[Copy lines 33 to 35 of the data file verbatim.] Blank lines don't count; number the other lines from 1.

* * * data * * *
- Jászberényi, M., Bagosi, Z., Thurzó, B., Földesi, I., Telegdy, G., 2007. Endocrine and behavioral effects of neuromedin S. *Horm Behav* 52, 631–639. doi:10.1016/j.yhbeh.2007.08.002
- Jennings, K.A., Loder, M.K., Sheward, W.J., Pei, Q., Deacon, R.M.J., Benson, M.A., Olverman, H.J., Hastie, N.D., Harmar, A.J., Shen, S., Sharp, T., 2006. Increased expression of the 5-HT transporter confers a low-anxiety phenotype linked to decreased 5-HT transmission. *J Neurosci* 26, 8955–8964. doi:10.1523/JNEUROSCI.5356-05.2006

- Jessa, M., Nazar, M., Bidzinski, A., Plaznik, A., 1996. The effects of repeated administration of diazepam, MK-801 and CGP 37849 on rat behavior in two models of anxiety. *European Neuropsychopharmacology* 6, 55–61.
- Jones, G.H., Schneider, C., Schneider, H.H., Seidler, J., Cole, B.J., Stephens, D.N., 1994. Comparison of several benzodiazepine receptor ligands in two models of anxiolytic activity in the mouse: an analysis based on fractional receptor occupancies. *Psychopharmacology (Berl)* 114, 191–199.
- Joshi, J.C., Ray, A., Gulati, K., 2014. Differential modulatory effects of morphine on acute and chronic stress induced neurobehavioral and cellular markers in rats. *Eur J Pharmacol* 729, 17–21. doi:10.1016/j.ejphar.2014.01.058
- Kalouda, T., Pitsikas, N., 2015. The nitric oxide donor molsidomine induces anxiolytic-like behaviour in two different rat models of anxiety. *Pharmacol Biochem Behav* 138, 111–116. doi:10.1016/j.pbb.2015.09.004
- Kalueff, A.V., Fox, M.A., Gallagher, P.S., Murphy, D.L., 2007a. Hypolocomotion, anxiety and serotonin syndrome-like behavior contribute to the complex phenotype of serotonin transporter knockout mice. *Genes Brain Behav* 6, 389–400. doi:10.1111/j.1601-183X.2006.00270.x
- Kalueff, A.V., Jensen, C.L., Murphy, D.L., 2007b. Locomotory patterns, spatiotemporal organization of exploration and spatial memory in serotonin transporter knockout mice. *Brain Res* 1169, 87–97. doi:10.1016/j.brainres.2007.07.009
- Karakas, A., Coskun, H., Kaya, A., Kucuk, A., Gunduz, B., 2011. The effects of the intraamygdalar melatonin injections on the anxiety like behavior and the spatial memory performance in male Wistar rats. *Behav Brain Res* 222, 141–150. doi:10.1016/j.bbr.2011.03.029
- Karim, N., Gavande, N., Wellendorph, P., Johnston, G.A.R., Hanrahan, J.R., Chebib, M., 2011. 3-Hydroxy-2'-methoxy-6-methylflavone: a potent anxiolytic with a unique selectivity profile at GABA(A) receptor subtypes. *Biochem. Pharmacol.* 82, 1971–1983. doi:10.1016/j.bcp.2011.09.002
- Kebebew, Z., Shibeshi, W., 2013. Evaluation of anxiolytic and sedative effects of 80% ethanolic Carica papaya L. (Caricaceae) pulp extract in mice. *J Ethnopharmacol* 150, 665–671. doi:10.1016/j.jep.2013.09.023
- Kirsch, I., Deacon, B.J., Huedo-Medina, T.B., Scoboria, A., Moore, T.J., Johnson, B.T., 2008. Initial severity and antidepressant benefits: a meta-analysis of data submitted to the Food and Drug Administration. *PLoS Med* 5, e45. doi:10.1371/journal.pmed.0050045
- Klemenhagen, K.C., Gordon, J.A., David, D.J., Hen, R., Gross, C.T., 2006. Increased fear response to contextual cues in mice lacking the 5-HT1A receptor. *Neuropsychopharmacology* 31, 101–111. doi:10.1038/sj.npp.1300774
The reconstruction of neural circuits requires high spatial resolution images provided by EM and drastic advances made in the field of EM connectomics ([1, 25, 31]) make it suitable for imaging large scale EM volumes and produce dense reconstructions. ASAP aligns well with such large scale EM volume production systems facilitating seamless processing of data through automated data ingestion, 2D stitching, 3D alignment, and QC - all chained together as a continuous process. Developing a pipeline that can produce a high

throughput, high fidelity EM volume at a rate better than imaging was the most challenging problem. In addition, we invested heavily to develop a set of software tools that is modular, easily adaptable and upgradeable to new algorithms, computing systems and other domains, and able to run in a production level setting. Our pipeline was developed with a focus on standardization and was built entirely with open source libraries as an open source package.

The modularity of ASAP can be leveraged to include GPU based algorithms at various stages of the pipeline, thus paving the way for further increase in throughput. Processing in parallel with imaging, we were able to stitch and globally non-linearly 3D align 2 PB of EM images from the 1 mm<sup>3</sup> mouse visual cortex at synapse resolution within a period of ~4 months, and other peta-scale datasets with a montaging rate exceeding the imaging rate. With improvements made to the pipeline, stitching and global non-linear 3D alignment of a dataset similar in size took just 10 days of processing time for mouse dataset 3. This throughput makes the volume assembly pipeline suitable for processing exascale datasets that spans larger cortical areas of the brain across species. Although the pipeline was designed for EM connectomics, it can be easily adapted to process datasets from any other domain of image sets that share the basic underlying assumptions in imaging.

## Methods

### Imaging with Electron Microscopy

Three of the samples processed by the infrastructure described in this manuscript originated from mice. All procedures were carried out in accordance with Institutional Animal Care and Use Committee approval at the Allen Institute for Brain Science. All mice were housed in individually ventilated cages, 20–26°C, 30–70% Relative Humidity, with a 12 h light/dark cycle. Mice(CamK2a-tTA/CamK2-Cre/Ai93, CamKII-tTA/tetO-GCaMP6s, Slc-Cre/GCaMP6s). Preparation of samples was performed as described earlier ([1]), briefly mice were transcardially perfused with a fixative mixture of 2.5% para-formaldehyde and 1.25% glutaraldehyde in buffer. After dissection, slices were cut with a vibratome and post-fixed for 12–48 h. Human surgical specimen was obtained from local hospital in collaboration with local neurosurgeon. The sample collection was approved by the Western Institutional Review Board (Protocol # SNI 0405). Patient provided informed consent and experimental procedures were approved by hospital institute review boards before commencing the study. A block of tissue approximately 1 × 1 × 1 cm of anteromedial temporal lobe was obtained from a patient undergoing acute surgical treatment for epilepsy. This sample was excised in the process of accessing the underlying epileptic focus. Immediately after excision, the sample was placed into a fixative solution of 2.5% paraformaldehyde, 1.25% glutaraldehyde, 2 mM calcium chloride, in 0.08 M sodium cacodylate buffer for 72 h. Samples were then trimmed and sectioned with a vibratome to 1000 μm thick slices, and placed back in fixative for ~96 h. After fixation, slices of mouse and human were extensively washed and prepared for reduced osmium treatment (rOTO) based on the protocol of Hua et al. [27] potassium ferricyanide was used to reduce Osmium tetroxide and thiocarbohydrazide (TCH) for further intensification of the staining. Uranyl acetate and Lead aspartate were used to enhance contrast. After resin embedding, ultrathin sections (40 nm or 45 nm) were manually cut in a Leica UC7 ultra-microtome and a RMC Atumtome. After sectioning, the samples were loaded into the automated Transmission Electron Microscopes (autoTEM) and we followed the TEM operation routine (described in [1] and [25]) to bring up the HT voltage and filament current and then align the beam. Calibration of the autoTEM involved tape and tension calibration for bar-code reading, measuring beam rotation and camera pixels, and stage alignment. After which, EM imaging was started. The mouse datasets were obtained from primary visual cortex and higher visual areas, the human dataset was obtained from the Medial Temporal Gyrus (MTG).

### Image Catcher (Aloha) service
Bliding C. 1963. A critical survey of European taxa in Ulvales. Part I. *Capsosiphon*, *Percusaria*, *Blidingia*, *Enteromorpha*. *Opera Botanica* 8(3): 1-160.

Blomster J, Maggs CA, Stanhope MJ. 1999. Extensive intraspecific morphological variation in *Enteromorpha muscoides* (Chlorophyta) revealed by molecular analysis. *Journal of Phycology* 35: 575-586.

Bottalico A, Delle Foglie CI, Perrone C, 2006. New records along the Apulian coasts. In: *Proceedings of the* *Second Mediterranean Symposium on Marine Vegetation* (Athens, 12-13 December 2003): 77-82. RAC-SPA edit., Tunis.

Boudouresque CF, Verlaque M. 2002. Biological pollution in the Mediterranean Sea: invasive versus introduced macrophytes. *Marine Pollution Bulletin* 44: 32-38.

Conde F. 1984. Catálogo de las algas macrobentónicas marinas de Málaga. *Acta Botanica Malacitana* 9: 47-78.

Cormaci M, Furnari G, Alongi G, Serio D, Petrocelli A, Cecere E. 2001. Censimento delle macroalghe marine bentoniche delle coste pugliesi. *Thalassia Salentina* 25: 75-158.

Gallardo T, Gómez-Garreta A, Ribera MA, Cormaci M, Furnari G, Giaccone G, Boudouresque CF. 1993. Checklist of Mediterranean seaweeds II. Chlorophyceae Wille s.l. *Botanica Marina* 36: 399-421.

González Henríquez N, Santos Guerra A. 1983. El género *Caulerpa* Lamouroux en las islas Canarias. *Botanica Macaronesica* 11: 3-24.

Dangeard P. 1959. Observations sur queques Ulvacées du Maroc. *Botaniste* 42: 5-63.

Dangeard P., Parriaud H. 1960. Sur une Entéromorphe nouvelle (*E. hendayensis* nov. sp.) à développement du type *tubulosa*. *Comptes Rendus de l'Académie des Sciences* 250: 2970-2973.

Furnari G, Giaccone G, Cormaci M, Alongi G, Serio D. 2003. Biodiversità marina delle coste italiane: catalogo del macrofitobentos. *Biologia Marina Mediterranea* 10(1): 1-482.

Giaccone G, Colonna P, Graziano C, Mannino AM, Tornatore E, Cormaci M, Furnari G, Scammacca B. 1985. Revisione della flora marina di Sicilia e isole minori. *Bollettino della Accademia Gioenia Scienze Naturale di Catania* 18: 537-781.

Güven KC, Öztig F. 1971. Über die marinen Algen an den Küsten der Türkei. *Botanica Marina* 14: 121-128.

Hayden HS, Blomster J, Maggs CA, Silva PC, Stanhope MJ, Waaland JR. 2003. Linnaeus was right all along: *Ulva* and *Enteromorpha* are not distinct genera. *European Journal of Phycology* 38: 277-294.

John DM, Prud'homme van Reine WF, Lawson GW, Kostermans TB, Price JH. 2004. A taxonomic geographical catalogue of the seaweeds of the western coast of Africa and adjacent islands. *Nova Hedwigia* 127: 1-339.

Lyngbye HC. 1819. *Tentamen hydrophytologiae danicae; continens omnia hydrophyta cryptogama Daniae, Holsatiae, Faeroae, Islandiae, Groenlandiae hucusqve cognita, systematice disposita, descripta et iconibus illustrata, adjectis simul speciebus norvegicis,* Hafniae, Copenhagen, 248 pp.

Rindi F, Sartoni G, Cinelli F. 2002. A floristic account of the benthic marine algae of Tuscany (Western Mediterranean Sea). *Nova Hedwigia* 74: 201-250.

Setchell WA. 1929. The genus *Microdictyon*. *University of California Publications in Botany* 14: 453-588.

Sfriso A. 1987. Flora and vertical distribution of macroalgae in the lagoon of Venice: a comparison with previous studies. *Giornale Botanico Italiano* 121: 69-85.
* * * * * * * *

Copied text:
Güven KC, Öztig F. 1971. Über die marinen Algen an den Küsten der Türkei. *Botanica Marina* 14: 121-128.

Hayden HS, Blomster J, Maggs CA, Silva PC, Stanhope MJ, Waaland JR. 2003. Linnaeus was right all along: *Ulva* and *Enteromorpha* are not distinct genera. *European Journal of Phycology* 38: 277-294.

John DM, Prud'homme van Reine WF, Lawson GW, Kostermans TB, Price JH. 2004. A taxonomic geographical catalogue of the seaweeds of the western coast of Africa and adjacent islands. *Nova Hedwigia* 127: 1-339.